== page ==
Anterior Cervical Discectomy and Fusion (ACDF) is the surgical removal of a herniated disc, then sealing of the surrounding bones. The surgery is designed to relieve spinal cord or nerve root pressure and alleviate corresponding pain, weakness, numbness and tingling.
In order to stabilize the cervical section, a fusion operation is performed concurrently with the discectomy procedure. In order to provide the region stability and strength, a fusion entails inserting bone graft and/or implants where the disc formerly existed.
While this surgery is most commonly done to treat a symptomatic cervical herniated disc, it may also be done for cervical degenerative disc disease. It may also be done for more than one level of the cervical spine. This method is often preferred by spine surgeons because it allows access to the spine via a very simple pathway. Using this method, the patient often experiences less incisional discomfort and a more pleasant recovery.
Anterior Cervical Discectomy and Fusion Complications
By far the most common complication following surgery is difficulty with swallowing, medically known as dysphagia. But not every ACDF procedure is the same; there are a variety of alternatives and factors that might affect the procedure’s outcome as well as relative risks and potential consequences. The best course of action for patients is to completely comprehend and go through the crucial elements of the ACDF, such as which or how many levels will be treated and why, what kind of implant will be utilized and why, and what kind of bone transplant the surgeon is advising and why.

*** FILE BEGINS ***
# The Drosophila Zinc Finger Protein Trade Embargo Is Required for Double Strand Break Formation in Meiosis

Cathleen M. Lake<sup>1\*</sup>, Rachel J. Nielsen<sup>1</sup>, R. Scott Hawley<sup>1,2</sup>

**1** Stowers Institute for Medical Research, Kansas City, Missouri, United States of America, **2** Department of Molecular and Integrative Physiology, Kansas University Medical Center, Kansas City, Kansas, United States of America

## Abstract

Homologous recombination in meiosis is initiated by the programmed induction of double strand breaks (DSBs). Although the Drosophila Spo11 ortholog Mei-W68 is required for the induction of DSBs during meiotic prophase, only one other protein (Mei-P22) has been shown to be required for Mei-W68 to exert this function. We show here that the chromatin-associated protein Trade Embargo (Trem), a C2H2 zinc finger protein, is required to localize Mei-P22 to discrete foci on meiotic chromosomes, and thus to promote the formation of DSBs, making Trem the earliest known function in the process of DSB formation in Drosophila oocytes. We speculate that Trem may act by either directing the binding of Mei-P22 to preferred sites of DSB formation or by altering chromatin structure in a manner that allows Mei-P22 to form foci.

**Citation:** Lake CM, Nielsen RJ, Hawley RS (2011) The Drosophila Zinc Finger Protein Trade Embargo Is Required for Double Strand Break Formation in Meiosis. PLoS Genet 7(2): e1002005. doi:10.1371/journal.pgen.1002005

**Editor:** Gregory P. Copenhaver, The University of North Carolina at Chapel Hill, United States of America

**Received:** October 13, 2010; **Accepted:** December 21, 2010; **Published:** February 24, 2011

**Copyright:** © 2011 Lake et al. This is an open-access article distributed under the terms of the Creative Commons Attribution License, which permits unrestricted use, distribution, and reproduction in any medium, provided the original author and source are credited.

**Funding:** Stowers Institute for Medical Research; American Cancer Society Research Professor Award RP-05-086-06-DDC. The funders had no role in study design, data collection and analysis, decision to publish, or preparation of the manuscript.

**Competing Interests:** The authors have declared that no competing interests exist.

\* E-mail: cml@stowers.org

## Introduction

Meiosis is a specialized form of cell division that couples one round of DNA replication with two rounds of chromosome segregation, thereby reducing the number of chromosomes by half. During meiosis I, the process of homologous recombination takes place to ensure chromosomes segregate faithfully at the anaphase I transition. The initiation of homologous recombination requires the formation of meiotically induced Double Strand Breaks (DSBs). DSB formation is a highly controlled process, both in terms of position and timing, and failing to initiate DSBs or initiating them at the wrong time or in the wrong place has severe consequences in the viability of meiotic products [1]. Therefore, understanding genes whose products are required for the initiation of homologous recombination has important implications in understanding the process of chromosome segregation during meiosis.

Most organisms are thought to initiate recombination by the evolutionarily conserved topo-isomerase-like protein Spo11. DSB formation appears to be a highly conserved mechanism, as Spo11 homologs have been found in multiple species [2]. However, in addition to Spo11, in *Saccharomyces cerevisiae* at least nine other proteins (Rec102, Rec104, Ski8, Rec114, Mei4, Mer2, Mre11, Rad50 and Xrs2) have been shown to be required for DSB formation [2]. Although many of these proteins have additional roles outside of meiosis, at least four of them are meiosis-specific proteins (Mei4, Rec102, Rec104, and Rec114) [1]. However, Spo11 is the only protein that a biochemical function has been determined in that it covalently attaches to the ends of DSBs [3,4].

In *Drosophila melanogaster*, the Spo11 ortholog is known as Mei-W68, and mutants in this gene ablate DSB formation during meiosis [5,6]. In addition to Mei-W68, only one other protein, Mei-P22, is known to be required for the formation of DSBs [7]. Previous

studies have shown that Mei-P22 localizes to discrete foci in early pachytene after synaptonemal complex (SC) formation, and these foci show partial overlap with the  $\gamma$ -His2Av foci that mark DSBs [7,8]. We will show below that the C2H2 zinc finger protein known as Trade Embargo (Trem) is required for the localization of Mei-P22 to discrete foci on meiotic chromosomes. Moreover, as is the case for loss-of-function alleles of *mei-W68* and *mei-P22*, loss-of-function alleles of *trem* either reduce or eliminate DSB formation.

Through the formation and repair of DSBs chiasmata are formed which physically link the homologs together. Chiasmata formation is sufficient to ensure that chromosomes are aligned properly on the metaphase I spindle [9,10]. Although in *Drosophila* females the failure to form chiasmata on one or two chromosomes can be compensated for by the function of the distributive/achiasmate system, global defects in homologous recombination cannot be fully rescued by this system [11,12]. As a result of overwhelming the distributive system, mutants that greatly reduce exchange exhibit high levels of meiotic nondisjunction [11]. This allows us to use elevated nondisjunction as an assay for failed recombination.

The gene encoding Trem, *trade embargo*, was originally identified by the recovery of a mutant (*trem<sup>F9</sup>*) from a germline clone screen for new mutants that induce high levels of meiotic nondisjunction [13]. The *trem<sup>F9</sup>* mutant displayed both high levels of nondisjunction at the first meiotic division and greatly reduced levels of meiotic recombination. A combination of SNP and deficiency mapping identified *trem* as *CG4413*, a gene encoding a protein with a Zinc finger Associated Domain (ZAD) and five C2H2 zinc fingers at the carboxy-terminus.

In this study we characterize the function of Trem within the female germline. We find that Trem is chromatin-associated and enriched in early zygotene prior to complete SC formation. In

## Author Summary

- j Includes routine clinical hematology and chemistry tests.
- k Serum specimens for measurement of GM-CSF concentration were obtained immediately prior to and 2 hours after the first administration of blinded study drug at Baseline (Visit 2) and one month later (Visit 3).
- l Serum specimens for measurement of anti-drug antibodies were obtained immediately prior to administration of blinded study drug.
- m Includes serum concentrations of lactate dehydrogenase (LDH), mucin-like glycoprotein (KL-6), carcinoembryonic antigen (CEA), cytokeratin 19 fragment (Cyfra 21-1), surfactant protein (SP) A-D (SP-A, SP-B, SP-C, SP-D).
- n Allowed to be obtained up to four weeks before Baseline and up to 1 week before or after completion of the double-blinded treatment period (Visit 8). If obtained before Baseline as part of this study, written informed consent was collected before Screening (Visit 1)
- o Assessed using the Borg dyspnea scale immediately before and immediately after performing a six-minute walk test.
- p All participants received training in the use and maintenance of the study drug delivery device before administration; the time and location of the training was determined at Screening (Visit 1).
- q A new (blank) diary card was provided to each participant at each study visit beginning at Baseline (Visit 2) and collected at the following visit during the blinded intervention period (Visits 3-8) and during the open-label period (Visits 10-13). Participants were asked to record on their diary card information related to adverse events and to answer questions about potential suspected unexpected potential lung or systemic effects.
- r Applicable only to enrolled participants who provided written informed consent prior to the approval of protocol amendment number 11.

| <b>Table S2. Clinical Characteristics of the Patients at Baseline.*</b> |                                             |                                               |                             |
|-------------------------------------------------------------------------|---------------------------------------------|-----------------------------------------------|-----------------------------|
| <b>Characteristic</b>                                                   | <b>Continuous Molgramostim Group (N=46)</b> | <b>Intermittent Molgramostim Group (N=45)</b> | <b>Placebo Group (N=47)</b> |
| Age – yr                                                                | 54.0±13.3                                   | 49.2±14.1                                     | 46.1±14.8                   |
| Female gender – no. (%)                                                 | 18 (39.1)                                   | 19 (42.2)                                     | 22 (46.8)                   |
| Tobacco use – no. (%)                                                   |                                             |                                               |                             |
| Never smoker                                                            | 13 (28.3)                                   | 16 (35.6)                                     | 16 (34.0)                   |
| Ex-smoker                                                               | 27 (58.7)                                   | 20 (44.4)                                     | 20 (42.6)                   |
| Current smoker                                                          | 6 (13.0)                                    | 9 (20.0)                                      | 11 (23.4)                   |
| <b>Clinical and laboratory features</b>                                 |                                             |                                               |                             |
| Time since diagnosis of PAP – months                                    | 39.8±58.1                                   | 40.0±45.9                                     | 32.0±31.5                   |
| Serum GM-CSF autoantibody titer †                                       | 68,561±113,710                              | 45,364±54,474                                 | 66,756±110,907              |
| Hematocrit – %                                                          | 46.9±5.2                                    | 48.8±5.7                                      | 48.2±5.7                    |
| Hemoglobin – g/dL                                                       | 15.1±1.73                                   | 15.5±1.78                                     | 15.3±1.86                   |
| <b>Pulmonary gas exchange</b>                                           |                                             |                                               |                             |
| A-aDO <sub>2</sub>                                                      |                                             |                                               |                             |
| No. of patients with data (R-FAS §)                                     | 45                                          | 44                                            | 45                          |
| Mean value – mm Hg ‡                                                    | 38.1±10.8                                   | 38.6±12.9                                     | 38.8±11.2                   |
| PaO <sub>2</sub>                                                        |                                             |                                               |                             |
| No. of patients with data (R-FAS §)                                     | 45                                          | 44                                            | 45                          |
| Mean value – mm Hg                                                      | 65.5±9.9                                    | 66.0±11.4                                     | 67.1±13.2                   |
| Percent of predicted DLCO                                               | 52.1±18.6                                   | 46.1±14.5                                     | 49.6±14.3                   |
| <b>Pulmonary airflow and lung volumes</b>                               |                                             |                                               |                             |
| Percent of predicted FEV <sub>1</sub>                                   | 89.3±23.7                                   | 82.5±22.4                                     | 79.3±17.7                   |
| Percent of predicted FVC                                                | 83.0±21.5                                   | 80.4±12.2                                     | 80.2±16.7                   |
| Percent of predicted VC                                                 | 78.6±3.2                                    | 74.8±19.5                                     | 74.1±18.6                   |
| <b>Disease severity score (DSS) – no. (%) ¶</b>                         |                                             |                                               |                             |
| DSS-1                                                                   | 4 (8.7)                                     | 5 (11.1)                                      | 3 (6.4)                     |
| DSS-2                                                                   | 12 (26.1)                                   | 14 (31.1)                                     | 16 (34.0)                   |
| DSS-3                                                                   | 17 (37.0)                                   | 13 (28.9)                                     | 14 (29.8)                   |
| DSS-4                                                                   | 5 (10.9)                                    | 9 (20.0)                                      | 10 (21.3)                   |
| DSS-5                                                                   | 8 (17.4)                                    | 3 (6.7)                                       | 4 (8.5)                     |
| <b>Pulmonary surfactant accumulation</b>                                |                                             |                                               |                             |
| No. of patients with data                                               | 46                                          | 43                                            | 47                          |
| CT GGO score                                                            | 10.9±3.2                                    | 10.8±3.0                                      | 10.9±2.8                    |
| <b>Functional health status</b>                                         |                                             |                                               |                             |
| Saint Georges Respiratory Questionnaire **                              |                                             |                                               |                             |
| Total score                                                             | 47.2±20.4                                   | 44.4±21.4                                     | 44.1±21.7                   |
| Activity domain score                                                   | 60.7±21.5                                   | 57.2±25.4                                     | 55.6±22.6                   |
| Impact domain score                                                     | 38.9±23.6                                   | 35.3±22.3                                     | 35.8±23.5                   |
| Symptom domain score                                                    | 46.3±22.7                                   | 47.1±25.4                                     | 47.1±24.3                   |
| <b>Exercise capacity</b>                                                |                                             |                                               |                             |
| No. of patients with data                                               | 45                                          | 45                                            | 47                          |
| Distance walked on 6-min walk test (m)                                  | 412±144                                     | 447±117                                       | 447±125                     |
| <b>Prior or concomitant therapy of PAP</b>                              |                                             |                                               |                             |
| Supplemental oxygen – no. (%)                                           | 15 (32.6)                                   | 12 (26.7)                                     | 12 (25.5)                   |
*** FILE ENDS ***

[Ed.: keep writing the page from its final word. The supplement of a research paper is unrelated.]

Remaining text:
Anterior Cervical Discectomy and Fusion Recovery
Patients often recover fully in two to six weeks. Following recovering from anterior cervical discectomy and fusion surgery, you ought to be able to resume your normal activities with little to no loss of range of motion. Expect to feel less discomfort, which will lead to an improvement in your quality of life.